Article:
Often a derided term, branding covers a wide range of attributes that people associate with your company. It’s not just the colour of your logo but also things like your tone of voice, the quality of the service that you provide and anything else that shapes how people feel about your company. With this in mind the UX of a company’s website should certainly be considered part of their branding.
Hany Rizk discussed this point during his interesting session at UX Camp Europe. His session titled ‘Is UX killing the Experience?’ started off with some points about how UX is branding and how people should consider this more when designing sites.
One of the most important facets of a successful brand is standing out from the competition. Companies need their brand to stand out to make them memorable and also so that people can relate to them and, ideally, show brand loyalty.
So if UX is branding, and brands need to stand out, then should the UX of your website be different to your competitors? If so, how does this fit in with conventions, which are important for making a site usable? The picture below is taken from Hany’s session and shows the similarity between the user interfaces of some popular mobile sites.
It’s clear to see the similarities there, and there are many other examples too. It’s not just about similar visual design either. Twitter for example seems to be getting more and more like Facebook every day, perhaps risking moving away from the simplicity that made it successful in the first place.
On a general level there’s a question of where to draw the line between following conventions and giving a unique stand-out user experience.
Our Conversion Specialist Chris summed this up nicely by saying: “User experience conventions are in danger of homogenising the online experience across not only brands, but industries. While best practices are helpful, this is hindering brand differentiation which is an integral aspect of branding as a concept.”
Conventions Are Good For UX
In this article Jacob Nielson looks at two university websites, one which follows the main web conventions and another that does not. After some user testing he discovered, perhaps unsurprisingly, that the more conventional university site performed a lot better.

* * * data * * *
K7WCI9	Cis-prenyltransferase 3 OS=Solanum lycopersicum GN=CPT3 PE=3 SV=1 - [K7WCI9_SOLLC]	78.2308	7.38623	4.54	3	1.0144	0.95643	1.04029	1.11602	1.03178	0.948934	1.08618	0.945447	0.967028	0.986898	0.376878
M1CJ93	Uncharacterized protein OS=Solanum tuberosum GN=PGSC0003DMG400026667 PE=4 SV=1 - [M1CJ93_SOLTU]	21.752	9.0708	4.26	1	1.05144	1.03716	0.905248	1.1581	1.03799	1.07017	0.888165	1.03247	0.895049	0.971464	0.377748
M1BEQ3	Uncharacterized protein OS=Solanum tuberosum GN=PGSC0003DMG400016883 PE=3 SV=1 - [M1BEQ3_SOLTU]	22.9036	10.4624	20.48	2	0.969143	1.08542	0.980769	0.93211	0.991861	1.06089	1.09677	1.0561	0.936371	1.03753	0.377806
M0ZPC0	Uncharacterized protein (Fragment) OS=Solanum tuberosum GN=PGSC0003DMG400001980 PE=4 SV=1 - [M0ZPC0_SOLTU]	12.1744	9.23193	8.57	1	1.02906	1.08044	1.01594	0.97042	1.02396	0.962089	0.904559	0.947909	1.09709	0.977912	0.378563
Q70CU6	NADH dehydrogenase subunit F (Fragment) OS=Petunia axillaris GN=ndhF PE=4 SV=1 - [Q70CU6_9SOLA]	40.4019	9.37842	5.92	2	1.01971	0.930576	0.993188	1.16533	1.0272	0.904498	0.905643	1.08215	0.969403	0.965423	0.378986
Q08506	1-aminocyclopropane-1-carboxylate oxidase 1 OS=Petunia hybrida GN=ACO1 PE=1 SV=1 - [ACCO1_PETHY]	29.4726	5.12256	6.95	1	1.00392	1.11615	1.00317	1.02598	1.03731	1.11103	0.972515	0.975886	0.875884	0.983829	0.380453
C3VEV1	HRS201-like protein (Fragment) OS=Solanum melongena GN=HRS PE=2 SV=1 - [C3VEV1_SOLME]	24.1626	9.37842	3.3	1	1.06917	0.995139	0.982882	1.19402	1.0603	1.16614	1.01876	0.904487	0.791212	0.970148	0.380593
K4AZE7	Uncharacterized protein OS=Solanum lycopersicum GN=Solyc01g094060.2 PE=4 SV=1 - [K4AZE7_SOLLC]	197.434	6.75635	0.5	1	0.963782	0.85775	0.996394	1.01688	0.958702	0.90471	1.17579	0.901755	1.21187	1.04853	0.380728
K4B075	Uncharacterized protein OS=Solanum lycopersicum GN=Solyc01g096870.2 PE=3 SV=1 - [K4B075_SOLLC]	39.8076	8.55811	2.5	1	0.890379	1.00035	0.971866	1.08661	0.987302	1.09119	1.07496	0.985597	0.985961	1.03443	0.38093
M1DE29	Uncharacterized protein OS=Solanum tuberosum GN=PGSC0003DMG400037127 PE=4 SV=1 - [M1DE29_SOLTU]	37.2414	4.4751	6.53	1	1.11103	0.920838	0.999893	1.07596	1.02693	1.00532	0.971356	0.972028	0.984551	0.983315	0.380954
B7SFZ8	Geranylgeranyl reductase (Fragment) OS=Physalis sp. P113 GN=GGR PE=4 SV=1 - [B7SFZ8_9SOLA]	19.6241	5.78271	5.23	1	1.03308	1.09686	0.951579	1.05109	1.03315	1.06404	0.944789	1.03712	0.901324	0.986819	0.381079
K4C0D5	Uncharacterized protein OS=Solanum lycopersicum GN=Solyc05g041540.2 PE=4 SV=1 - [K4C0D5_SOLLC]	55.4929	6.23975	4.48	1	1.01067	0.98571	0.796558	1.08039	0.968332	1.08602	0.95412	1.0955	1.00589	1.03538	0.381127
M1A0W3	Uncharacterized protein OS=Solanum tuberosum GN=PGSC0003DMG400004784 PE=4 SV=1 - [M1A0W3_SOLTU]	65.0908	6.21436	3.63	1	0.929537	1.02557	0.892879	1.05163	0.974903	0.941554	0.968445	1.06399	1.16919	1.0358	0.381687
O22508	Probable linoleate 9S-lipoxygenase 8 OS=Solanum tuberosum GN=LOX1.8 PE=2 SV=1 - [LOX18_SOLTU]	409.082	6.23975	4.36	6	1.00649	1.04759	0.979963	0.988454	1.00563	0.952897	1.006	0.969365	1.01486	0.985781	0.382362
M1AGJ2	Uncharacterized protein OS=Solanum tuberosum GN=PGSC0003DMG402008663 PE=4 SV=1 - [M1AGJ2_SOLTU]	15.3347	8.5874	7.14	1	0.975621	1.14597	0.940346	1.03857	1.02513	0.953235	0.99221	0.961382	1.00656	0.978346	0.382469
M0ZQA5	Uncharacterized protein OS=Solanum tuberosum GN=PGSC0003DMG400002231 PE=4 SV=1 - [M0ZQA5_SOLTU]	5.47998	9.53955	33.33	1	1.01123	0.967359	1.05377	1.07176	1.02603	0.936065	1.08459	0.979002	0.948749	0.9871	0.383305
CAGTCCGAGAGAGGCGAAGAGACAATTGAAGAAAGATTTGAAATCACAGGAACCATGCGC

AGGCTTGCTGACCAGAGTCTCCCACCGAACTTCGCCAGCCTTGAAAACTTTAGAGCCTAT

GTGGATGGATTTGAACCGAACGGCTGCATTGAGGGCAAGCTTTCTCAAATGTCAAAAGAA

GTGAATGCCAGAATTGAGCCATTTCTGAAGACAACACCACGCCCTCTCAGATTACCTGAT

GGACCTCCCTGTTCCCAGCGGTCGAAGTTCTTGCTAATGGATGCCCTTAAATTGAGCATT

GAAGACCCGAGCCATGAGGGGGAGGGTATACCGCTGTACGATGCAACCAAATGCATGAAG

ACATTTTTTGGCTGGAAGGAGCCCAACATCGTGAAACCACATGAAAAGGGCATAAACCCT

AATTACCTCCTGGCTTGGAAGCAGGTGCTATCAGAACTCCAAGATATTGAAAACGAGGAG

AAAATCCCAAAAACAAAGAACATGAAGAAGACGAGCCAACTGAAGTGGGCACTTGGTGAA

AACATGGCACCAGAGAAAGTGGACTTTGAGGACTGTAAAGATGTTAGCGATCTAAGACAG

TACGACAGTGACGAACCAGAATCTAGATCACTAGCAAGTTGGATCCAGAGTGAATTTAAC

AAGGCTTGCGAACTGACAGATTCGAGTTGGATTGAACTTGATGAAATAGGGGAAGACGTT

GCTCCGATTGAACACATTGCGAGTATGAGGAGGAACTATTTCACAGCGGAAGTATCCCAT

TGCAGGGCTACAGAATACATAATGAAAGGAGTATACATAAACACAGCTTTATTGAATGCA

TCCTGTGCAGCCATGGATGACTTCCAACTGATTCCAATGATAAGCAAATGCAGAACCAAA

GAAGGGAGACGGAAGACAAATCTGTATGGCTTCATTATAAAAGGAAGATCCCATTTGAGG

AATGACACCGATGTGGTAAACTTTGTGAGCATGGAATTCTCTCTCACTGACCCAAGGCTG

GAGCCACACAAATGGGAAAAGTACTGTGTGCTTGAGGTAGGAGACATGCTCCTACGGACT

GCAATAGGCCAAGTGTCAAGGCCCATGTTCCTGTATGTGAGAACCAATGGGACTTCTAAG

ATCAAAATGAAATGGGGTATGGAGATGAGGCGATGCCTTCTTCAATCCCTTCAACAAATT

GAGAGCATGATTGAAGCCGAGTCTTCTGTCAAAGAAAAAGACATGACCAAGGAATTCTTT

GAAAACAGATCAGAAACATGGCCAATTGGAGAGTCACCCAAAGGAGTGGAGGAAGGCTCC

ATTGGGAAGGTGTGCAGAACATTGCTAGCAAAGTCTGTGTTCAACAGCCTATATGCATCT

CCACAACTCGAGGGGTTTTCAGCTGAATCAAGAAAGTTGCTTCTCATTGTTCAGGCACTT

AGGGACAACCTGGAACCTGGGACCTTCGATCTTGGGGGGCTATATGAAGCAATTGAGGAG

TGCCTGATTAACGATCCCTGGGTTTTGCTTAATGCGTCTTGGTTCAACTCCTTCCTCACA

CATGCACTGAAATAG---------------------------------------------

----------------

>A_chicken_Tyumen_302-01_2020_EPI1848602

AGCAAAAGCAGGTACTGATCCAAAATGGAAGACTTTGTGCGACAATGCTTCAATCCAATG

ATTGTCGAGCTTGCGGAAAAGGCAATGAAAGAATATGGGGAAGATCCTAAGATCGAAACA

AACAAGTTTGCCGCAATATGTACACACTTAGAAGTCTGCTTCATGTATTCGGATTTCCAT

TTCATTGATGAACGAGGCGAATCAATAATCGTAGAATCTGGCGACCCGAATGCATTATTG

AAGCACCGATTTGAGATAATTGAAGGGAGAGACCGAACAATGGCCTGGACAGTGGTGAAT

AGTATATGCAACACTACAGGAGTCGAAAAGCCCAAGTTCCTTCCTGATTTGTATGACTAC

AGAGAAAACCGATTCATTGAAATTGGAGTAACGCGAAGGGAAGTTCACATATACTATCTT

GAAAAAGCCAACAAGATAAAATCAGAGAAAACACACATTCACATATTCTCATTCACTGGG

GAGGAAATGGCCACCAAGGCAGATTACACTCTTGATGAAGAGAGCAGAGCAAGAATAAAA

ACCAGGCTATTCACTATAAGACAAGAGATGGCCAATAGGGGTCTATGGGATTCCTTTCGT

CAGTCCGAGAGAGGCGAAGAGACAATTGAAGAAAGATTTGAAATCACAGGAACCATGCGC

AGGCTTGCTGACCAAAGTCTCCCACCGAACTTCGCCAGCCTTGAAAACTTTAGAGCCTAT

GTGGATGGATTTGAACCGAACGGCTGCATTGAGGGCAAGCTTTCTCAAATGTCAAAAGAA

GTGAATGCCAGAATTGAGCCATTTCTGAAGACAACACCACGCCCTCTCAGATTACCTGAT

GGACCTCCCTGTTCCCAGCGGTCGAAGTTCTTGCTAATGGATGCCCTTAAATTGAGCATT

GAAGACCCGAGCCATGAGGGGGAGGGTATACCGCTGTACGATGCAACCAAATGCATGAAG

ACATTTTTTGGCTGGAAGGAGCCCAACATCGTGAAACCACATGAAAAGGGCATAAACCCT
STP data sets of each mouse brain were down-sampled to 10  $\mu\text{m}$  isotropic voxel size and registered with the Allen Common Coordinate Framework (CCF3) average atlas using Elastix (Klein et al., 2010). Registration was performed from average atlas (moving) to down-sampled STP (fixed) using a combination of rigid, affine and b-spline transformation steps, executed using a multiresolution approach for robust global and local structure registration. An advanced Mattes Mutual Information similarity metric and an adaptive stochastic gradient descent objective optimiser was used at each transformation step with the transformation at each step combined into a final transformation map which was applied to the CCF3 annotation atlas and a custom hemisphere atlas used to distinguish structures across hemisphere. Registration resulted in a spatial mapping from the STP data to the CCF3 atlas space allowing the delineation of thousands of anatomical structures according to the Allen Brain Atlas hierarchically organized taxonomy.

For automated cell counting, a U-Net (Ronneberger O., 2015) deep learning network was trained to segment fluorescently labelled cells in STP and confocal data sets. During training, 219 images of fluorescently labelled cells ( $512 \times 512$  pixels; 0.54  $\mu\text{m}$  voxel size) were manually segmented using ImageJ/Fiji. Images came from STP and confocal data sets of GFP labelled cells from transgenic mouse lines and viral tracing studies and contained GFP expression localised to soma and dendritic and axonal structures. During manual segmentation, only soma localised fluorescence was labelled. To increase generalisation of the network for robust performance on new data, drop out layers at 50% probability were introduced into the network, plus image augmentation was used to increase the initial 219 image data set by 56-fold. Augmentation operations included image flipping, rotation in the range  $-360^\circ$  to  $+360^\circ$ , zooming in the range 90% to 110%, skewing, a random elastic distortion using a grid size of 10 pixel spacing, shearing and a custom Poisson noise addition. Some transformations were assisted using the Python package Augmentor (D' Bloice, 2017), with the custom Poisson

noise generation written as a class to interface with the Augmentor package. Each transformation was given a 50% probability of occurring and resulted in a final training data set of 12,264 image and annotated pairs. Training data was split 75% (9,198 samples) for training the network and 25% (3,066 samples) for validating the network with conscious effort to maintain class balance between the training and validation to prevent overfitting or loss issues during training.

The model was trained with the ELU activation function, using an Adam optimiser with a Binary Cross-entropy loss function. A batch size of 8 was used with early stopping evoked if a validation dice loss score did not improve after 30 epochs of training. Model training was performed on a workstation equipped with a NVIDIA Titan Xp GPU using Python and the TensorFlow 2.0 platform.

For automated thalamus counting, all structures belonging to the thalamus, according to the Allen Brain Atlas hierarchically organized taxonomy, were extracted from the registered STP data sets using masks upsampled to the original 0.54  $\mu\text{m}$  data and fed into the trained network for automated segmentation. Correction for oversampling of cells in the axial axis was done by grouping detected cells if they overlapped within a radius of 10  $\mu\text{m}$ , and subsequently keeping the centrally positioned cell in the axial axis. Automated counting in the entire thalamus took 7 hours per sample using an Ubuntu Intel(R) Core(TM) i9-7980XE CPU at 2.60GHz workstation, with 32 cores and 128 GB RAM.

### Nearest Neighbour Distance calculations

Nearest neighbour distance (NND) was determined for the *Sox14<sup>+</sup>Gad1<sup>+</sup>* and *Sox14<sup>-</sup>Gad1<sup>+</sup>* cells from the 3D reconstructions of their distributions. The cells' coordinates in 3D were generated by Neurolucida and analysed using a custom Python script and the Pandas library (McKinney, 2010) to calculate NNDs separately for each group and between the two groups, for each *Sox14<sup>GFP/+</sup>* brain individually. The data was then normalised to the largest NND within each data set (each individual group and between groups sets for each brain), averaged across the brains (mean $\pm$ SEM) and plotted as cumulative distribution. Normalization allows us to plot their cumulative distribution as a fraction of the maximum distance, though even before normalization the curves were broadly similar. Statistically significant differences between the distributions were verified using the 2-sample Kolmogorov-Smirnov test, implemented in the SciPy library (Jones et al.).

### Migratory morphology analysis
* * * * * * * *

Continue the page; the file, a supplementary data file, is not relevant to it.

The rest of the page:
While I don’t think anyone would suggest breaking with usability conventions for the sake of it I do think that site designers should also consider whether their designs stand out enough from competing websites. This is the case for the visual design, the user interface, the information architecture and it goes even further than that.
Twitter Vs Facebook
Going back to how Twitter is becoming more like Facebook this article makes some interesting points. To quote from the article:
“It’s part of a larger trend in the world of social networking services. As each one — from Twitter to Facebook to LinkedIn — seeks to be everything to everyone on the net, they’re looking more and more like each other. There may be drawbacks to this sort of thing, but at this stage in Twitter’s evolution, it makes perfect sense.”
“During its fourth-quarter earnings report earlier this year, Twitter revealed that although its user base was growing, its user engagement (that is, how much time users spent actually interacting with Twitter) was slowing down. It’s a sign that even if people are testing out the platform, they’re not sticking with it, and that could be because Twitter has traditionally looked and operated so differently from other social networks. “
It looks like Twitter have decided to move away from the differences that made it stand out, and made it popular, to begin with. This could be a risky strategy as they may start to alienate their longer term users. They are also potentially losing some of the things that made them stand out from Facebook. If they get too similar to Facebook then users may be left with a simple choice between the two and as Facebook currently has well in excess of a billion users, compared to Twitter’s mere 255 million, there only looks like being one winner there.
Linked in is also getting in on the action with their ‘spotlight‘ feature for premium accounts.
Personalisation And Testing
One way to keep with conventions but still stand out as a brand is to use more personalisation. This could entail showing slightly different versions of a website to different types of users. In the example of Twitter they could use a style that looks more like Facebook for new users while keeping a more traditional Twitter feel for existing/longer term users.
Designers looking to move away from established conventions, like those who designed the Bucknell University site in Jacob Nielson’s article may have benefited from more user testing prior to putting the site live. Even if this gave positive results they could have run A/B tests against a versions of the site with more conventional navigation.
Breaking design conventions when building sites is a controversial tactic. While it can make you stand out against your competitors it is likely to lead to a site that’s harder to use. The key here is finding the right balance between convention and uniqueness. The best way to do this is thorough in-depth research into your users, detailed user testing and ongoing A/B testing to ensure that the design that makes you stand out is one that your users love too.